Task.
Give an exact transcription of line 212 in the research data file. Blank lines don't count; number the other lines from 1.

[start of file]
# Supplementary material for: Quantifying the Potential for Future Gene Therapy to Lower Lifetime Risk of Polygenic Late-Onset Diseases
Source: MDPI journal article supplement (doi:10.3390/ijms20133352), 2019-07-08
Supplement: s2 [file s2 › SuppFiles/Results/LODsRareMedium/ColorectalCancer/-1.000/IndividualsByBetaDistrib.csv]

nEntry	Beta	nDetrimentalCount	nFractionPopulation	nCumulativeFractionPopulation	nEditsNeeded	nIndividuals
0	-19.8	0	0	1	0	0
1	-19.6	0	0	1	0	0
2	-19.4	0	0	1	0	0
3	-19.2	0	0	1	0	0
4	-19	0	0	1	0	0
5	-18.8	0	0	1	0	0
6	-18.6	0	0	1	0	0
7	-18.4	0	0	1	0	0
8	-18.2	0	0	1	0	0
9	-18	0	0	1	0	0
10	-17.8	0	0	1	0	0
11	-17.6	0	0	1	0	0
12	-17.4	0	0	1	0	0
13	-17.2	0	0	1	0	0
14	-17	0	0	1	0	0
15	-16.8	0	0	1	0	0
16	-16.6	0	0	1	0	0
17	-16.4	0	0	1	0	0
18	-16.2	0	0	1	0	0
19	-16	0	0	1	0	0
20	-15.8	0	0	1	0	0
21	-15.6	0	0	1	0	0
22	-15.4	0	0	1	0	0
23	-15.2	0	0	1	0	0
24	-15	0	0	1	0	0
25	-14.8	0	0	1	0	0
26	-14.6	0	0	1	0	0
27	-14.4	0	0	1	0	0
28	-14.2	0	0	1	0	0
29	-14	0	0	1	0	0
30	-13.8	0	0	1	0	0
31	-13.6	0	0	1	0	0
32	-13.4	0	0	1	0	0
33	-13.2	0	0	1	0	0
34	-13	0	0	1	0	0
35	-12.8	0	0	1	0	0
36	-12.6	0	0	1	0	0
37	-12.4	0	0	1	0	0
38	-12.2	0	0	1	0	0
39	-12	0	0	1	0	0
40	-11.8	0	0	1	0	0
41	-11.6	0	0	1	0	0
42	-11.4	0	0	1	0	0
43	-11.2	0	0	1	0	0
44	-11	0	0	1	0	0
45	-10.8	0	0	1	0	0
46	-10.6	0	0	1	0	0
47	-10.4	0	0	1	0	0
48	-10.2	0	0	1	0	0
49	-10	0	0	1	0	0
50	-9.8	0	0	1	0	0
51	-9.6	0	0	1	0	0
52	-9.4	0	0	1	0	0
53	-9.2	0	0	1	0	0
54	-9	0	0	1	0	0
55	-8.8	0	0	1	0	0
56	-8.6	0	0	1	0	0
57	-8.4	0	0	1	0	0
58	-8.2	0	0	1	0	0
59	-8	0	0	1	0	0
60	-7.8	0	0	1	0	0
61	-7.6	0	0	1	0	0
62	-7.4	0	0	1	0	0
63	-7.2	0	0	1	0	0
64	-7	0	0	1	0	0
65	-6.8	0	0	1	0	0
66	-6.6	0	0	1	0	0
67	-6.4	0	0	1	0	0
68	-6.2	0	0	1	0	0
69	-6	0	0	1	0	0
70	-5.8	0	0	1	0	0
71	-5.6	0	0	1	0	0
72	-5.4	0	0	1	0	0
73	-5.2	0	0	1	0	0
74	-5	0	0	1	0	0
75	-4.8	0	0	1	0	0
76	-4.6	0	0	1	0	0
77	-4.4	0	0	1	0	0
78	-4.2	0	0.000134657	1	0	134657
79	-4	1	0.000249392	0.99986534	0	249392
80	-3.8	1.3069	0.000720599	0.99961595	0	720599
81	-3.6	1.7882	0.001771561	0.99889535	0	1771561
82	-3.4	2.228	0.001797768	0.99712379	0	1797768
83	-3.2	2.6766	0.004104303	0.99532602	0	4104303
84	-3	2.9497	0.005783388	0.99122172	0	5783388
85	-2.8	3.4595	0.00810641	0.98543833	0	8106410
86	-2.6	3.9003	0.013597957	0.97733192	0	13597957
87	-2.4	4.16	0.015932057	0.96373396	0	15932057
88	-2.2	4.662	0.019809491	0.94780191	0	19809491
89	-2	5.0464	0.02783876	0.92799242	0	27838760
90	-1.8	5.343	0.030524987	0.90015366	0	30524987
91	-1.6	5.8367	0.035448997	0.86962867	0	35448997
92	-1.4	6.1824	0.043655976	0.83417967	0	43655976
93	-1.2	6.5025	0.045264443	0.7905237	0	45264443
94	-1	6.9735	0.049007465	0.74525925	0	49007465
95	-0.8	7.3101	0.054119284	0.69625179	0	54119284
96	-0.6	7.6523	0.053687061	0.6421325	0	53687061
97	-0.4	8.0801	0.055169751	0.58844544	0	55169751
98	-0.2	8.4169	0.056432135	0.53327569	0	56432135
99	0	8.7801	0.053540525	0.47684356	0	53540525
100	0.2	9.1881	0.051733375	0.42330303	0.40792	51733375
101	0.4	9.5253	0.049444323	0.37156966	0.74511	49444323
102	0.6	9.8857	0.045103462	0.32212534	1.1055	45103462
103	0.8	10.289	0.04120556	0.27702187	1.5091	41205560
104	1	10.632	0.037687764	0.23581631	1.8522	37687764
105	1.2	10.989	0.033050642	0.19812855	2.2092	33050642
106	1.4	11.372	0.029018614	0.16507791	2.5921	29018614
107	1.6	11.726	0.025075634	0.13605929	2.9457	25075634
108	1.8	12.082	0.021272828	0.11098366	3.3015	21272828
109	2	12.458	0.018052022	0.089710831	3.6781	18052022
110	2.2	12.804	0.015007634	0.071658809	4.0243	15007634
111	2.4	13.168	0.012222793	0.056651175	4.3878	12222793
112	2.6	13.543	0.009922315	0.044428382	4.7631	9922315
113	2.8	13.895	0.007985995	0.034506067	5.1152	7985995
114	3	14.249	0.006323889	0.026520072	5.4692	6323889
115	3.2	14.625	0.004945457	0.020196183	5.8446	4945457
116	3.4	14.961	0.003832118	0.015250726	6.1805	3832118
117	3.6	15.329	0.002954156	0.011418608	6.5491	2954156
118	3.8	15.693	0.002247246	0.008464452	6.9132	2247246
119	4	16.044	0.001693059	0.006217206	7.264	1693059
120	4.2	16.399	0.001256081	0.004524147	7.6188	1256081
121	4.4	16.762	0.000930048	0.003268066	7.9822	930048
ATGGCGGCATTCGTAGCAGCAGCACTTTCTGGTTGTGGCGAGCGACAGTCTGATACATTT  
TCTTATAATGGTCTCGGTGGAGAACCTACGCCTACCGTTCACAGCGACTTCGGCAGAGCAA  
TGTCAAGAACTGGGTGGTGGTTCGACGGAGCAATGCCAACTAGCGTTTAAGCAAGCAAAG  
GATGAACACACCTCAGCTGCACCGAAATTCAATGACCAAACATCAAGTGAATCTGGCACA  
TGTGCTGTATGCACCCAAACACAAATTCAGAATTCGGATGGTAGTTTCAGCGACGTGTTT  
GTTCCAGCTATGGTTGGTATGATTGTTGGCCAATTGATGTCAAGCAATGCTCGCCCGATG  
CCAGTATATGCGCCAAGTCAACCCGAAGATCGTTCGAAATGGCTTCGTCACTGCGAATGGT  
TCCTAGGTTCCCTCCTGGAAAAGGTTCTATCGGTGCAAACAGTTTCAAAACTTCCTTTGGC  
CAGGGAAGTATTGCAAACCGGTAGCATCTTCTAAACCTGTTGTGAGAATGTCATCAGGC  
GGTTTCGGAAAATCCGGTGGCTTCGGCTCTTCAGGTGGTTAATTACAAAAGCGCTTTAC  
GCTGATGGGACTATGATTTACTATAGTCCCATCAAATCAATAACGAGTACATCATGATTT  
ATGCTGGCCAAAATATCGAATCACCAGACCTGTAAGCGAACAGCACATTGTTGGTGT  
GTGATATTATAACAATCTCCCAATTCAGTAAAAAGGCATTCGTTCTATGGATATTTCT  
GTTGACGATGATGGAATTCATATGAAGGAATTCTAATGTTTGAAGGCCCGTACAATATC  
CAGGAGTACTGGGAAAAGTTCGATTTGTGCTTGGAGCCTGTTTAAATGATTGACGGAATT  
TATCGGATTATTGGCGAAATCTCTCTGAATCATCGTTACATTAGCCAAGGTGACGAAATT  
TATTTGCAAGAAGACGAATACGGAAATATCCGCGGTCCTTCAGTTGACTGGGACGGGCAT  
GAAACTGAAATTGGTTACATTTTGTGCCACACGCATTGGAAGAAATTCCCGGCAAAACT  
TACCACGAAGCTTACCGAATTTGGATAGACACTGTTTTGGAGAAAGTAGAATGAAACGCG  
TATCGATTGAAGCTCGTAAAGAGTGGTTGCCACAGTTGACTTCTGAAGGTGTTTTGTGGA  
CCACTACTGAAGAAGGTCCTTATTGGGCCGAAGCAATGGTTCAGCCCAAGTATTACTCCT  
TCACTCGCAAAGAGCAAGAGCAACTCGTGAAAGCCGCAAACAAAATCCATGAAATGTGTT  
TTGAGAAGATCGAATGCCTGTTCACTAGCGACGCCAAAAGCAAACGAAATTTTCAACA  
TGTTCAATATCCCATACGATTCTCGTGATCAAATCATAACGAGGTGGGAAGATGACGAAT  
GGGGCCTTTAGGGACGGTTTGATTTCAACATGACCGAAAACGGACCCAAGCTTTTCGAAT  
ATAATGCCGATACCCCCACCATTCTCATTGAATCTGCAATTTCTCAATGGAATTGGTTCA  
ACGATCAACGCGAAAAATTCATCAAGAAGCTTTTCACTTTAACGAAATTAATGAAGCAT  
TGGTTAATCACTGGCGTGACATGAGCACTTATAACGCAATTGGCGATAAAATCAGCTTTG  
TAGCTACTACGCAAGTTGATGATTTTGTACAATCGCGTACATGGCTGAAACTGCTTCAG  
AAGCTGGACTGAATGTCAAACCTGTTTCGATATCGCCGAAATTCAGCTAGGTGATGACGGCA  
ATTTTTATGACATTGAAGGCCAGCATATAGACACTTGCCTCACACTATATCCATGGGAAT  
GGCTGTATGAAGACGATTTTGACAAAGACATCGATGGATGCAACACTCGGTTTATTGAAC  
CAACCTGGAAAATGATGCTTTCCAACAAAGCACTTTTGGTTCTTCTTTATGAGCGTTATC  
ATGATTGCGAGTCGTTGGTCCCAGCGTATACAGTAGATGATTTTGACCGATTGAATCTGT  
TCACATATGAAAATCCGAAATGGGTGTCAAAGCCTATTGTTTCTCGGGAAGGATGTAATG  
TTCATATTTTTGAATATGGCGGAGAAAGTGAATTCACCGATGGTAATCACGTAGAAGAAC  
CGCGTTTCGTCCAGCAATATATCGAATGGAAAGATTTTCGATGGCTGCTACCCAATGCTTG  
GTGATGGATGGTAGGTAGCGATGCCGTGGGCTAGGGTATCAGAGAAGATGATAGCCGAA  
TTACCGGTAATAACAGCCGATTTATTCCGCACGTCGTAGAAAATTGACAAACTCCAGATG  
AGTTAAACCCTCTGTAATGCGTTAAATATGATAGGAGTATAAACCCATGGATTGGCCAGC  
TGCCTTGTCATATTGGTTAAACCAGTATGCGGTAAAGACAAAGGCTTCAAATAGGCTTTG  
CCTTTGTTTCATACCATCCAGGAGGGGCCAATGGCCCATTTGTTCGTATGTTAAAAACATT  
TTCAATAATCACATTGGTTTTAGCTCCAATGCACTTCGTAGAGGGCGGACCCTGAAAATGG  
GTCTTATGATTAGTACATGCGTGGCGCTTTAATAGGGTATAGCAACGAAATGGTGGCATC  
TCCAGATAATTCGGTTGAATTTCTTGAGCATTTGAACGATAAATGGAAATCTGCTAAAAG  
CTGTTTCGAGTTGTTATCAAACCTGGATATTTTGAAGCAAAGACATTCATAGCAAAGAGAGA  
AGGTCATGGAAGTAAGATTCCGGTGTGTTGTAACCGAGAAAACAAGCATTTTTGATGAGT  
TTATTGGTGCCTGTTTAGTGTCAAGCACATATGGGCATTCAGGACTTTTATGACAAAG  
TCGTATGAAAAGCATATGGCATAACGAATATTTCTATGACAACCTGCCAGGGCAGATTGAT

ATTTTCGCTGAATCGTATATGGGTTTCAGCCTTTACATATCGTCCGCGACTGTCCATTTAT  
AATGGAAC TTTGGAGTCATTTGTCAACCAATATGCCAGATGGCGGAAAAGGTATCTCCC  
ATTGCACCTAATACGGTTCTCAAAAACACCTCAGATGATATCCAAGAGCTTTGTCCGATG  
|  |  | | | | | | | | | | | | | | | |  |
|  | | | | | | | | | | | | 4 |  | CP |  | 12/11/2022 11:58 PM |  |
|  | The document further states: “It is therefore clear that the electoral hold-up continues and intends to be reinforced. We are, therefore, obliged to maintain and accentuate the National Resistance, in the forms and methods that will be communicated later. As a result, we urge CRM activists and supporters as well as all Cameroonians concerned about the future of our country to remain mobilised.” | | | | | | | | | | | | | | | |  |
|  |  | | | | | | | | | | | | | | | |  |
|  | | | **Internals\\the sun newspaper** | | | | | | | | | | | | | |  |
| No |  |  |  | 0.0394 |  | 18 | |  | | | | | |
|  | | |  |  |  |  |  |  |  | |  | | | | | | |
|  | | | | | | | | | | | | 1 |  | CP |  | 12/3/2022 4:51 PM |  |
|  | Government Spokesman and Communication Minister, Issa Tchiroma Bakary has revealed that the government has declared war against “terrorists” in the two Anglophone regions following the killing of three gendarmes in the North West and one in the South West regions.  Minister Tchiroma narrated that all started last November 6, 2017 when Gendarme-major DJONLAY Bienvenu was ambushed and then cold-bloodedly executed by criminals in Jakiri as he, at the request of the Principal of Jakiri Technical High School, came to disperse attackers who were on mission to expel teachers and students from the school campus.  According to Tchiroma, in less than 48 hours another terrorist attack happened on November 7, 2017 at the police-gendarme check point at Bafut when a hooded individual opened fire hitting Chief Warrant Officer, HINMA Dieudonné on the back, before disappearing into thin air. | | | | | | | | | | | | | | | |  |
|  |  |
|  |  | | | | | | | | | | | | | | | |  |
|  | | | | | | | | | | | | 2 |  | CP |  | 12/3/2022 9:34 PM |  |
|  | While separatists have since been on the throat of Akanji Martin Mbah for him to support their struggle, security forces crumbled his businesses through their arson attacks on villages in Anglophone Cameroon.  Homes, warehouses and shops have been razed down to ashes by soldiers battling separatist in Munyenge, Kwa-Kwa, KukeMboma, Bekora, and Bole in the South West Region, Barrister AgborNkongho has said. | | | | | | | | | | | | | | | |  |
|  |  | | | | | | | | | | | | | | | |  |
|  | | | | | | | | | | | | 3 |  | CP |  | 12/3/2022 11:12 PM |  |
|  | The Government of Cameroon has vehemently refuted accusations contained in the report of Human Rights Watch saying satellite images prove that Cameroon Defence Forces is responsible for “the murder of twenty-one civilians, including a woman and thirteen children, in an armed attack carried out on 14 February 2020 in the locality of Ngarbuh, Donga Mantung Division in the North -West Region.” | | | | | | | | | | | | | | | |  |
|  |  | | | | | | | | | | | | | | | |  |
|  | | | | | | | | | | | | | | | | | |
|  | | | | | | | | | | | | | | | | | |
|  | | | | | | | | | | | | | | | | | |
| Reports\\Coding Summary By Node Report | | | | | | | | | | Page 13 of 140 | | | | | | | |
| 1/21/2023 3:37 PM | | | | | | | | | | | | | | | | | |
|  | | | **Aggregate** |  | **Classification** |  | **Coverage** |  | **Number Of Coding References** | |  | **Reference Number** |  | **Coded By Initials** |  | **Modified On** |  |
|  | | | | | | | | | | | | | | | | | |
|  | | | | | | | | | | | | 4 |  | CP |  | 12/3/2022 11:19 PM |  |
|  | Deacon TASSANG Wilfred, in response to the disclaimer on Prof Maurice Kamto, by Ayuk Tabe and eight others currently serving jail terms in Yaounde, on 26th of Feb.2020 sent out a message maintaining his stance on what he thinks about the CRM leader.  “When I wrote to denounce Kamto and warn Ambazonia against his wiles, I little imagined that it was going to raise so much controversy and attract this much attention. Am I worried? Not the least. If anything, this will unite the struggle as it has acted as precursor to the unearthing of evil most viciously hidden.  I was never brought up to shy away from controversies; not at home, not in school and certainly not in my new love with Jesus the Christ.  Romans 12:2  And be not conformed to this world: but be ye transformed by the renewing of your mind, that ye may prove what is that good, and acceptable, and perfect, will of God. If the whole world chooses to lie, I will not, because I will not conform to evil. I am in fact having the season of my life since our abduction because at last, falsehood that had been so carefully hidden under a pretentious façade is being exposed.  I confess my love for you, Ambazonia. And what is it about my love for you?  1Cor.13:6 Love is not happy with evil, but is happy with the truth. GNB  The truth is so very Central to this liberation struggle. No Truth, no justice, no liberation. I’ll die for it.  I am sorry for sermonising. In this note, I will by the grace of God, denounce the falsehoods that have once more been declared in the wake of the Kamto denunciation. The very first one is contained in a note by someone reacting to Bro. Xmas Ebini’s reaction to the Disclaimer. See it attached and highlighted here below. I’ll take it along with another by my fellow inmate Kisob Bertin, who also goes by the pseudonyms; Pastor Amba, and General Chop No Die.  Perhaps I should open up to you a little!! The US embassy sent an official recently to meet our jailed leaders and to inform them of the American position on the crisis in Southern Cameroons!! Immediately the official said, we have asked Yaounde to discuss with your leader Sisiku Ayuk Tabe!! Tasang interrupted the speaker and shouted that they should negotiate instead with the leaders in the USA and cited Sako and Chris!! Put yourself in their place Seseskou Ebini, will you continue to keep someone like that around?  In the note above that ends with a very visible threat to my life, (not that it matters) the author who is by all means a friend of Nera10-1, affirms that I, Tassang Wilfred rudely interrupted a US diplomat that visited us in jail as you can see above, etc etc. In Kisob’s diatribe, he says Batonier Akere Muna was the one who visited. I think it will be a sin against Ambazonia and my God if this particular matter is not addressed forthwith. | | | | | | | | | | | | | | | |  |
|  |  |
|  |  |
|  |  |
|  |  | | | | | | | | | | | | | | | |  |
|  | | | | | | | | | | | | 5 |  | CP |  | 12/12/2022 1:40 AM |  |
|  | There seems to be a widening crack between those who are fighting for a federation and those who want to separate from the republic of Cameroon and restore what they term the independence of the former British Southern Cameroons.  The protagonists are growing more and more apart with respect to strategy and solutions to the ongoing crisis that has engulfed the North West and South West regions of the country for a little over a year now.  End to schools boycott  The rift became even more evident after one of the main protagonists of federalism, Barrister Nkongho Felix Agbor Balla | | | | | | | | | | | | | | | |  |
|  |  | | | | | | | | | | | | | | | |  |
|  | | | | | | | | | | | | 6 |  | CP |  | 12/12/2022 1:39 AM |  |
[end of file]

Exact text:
|  | | | | | | | | | | | | 6 |  | CP |  | 12/12/2022 1:39 AM |  |